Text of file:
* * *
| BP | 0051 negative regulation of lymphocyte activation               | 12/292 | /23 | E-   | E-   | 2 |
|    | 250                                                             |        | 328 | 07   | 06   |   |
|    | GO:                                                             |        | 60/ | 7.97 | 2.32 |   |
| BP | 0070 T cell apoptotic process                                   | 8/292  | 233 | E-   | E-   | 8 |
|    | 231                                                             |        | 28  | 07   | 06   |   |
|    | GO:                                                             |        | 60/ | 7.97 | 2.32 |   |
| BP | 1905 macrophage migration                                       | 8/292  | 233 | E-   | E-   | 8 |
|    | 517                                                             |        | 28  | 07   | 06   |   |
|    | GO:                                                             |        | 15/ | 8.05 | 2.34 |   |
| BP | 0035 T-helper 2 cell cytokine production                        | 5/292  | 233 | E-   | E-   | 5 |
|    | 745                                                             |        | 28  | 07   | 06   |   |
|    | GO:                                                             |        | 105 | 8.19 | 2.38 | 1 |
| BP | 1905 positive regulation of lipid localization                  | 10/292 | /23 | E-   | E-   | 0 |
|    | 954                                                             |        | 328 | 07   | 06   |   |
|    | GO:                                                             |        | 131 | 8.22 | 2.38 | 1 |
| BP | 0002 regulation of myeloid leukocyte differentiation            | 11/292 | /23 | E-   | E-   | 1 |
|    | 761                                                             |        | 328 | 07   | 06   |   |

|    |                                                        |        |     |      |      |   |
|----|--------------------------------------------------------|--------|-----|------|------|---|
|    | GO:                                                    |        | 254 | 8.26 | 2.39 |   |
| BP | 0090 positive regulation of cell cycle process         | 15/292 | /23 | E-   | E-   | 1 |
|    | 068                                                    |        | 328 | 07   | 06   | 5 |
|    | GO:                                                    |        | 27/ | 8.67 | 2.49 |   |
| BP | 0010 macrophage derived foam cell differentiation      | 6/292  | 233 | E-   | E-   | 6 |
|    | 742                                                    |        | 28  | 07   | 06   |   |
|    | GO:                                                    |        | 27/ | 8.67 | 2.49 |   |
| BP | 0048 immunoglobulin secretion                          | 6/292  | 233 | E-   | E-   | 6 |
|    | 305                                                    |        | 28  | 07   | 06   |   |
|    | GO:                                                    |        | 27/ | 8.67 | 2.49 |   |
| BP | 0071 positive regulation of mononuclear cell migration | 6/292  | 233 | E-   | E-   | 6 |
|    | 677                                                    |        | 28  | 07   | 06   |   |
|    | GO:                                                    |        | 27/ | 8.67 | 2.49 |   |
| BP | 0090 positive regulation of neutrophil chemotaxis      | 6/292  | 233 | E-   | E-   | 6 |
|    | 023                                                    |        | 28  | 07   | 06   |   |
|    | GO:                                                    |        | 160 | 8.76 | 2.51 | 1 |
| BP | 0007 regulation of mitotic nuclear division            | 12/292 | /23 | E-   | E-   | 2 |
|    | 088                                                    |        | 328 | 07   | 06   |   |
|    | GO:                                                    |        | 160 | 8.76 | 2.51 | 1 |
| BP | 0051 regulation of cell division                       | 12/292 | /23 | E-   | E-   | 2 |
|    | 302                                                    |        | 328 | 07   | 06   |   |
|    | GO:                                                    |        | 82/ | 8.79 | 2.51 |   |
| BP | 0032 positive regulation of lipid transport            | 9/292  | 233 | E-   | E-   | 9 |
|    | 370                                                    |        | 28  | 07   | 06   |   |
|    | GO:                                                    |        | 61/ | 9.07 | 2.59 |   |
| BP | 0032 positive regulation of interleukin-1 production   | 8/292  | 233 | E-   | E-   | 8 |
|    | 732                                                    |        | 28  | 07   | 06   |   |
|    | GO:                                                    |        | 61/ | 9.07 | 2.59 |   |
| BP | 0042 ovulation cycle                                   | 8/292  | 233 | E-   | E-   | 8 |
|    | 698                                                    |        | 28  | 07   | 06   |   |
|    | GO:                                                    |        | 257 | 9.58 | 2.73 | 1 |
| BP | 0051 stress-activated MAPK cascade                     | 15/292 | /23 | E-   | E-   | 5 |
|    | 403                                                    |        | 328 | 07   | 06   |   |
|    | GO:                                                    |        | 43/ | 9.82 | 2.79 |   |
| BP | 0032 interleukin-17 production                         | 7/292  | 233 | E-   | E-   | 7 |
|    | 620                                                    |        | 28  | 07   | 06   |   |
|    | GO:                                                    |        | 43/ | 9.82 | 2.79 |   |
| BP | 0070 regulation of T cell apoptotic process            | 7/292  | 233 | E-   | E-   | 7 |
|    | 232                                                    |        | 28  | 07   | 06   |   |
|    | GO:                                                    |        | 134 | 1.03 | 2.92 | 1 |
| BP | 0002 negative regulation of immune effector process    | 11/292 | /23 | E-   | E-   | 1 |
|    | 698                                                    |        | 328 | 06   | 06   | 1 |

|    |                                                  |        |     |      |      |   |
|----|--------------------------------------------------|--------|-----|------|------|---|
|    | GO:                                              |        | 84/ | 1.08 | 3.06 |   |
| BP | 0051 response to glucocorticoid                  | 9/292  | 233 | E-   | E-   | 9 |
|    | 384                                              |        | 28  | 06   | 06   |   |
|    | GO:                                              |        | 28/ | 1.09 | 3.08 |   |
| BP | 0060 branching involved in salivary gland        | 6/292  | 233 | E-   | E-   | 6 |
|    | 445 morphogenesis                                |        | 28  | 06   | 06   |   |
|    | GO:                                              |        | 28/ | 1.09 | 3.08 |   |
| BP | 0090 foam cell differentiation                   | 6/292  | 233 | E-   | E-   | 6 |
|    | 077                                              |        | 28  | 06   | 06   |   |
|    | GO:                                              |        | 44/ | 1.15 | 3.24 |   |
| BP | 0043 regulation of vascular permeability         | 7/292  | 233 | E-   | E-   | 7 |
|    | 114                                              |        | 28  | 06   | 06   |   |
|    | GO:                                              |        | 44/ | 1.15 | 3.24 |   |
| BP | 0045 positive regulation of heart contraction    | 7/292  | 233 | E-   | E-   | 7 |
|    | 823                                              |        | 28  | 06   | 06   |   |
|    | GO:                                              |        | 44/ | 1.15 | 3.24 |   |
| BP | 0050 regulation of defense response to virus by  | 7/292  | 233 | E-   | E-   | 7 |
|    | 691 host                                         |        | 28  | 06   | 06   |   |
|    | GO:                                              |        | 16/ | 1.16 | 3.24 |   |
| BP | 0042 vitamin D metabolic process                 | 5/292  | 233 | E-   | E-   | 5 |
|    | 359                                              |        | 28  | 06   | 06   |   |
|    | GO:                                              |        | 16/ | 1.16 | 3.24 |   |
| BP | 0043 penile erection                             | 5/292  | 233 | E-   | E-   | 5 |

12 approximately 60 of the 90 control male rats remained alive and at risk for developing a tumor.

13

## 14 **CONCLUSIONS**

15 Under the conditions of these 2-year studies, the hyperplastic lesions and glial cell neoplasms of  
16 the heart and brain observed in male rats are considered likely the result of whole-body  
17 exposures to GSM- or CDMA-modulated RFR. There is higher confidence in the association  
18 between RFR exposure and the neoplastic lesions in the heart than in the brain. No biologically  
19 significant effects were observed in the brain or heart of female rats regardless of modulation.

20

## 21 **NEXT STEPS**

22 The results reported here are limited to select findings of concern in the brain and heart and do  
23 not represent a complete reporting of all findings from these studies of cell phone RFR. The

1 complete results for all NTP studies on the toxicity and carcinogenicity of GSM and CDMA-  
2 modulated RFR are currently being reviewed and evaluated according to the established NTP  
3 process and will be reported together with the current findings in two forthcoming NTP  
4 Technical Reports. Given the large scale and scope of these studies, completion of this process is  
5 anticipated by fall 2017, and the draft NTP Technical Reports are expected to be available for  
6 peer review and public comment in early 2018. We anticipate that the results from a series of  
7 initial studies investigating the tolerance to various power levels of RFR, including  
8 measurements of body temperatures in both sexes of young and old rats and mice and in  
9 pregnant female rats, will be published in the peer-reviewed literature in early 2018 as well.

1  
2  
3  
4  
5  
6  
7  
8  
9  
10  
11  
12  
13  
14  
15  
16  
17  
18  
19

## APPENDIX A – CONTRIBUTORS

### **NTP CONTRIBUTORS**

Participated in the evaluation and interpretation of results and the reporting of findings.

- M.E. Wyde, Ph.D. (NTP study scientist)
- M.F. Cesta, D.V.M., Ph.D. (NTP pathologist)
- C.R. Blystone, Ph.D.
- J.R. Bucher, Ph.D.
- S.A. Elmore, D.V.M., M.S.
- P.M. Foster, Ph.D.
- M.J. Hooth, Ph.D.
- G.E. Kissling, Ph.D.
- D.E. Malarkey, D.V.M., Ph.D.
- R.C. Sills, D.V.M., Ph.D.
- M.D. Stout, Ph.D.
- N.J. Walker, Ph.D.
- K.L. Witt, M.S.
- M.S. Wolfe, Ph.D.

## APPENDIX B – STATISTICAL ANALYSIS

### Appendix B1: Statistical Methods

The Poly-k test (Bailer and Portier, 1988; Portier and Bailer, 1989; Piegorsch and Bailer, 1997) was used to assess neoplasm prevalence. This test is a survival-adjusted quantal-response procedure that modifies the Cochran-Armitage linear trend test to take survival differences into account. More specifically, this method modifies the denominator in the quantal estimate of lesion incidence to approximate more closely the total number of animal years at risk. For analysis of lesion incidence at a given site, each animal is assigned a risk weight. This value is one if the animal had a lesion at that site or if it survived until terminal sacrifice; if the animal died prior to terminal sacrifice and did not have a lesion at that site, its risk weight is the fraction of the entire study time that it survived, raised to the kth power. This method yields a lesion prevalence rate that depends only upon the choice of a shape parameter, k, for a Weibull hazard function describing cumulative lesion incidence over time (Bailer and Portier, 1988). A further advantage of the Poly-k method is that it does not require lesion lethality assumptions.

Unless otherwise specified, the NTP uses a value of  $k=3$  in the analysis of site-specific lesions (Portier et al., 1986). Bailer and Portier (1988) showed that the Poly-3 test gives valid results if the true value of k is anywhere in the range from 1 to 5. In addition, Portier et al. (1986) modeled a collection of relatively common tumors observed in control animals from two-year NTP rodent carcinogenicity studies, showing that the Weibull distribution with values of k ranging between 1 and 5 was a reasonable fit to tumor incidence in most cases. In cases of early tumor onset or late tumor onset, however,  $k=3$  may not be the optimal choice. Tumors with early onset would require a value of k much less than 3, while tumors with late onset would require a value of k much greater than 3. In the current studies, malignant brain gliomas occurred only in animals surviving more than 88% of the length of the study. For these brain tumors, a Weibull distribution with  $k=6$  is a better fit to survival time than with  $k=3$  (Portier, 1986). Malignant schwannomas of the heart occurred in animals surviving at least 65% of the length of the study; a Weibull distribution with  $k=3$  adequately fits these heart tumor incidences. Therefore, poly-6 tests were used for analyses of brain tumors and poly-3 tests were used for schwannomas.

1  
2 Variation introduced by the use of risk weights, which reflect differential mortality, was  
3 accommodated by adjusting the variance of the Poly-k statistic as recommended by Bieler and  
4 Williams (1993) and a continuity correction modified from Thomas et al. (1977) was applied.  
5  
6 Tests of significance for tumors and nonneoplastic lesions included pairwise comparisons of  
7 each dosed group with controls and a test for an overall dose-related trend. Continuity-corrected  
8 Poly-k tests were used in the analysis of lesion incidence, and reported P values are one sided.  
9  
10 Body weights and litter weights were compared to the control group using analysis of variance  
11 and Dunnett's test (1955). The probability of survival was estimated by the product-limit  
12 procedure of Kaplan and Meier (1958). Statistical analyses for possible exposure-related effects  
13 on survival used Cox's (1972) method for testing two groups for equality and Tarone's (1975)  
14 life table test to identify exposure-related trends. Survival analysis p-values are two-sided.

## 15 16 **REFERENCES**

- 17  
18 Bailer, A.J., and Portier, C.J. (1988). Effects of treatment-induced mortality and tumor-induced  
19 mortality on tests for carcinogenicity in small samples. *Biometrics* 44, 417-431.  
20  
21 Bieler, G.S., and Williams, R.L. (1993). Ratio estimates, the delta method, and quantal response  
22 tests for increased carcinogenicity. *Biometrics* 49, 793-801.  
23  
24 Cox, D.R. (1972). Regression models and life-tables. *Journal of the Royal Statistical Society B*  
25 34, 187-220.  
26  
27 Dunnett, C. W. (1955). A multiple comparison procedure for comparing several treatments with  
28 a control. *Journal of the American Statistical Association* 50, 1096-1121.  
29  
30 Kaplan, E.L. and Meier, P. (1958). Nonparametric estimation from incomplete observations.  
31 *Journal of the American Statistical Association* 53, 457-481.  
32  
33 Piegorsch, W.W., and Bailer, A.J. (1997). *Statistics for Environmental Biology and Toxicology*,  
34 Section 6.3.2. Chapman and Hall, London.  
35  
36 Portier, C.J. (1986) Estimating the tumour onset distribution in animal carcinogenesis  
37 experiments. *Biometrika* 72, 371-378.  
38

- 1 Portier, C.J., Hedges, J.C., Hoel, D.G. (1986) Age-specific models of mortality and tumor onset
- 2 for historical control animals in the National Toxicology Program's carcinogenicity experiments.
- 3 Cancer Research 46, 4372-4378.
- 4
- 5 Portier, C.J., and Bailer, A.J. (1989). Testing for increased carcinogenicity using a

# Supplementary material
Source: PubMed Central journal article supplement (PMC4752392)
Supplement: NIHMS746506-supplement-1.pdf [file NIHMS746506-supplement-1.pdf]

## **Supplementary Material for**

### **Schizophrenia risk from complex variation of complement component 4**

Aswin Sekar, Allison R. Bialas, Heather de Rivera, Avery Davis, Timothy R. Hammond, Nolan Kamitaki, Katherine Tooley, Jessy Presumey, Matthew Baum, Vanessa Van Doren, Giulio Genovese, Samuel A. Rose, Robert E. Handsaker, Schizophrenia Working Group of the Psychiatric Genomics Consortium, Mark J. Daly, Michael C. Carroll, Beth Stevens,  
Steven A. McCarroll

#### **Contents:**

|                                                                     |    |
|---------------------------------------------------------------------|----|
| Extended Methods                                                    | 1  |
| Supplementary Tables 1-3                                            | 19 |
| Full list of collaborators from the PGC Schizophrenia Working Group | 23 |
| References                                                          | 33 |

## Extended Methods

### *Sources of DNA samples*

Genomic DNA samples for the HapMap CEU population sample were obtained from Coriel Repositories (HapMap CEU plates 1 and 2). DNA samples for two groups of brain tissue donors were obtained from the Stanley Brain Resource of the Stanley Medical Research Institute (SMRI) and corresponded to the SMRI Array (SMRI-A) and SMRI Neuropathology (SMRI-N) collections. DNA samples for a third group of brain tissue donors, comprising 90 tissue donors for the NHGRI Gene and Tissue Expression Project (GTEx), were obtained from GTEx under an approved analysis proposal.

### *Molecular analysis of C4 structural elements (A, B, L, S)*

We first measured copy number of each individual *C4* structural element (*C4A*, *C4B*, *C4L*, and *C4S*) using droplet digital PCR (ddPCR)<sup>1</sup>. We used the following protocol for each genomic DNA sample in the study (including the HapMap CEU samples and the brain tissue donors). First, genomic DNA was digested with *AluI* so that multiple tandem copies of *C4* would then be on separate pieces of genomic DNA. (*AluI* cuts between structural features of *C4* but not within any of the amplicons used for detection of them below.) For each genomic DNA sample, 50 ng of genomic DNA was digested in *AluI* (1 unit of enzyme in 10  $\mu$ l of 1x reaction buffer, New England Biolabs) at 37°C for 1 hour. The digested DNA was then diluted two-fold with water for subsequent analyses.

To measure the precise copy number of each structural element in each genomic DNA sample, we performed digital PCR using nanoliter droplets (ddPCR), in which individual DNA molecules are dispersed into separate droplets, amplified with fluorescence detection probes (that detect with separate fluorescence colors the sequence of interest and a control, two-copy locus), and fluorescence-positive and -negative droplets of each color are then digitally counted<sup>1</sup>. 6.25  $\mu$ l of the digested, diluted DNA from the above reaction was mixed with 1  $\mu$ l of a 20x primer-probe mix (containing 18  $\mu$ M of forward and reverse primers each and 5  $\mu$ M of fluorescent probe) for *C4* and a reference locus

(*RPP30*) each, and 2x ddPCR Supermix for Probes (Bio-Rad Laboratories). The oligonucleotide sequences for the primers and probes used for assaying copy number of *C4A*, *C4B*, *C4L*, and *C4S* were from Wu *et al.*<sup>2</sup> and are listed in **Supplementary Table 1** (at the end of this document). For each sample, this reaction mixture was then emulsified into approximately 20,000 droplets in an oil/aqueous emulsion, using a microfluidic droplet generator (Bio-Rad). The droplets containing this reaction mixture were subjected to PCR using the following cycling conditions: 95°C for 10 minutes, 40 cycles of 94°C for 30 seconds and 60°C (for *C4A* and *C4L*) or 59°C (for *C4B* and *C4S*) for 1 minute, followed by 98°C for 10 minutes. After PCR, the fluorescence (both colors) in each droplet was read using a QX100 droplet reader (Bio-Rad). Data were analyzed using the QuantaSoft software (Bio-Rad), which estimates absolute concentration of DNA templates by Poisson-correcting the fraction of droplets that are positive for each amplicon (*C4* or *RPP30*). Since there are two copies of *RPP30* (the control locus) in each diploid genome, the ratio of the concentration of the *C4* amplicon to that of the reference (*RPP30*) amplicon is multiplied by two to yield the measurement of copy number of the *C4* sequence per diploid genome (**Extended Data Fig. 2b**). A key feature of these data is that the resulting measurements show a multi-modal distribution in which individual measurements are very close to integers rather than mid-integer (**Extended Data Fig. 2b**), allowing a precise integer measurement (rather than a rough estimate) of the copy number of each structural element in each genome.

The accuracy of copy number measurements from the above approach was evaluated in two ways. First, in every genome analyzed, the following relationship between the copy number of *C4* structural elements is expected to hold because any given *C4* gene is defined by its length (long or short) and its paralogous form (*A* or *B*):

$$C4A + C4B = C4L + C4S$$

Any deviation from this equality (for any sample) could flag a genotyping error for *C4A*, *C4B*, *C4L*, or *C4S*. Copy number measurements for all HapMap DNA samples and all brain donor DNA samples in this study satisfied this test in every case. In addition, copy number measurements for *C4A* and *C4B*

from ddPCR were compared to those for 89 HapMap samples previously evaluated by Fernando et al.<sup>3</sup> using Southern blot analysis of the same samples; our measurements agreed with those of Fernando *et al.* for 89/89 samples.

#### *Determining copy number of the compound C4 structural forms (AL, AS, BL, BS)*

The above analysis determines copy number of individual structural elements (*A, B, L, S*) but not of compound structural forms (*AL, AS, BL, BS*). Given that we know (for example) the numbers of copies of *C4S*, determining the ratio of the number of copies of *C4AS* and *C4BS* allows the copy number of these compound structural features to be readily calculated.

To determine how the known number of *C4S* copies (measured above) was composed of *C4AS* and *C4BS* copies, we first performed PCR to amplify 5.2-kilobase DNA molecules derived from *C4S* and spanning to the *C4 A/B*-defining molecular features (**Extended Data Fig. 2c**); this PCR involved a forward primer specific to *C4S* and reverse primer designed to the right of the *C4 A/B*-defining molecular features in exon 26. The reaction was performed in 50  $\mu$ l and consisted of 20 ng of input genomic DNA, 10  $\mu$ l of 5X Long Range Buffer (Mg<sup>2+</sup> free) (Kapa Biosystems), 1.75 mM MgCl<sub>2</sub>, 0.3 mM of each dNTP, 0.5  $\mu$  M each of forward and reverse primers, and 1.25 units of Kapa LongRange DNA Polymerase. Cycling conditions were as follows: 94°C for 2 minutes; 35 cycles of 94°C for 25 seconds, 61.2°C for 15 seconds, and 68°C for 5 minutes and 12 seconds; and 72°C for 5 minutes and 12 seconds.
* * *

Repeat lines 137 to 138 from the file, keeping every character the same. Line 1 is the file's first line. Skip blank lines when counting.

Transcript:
- G.E. Kissling, Ph.D.
- D.E. Malarkey, D.V.M., Ph.D.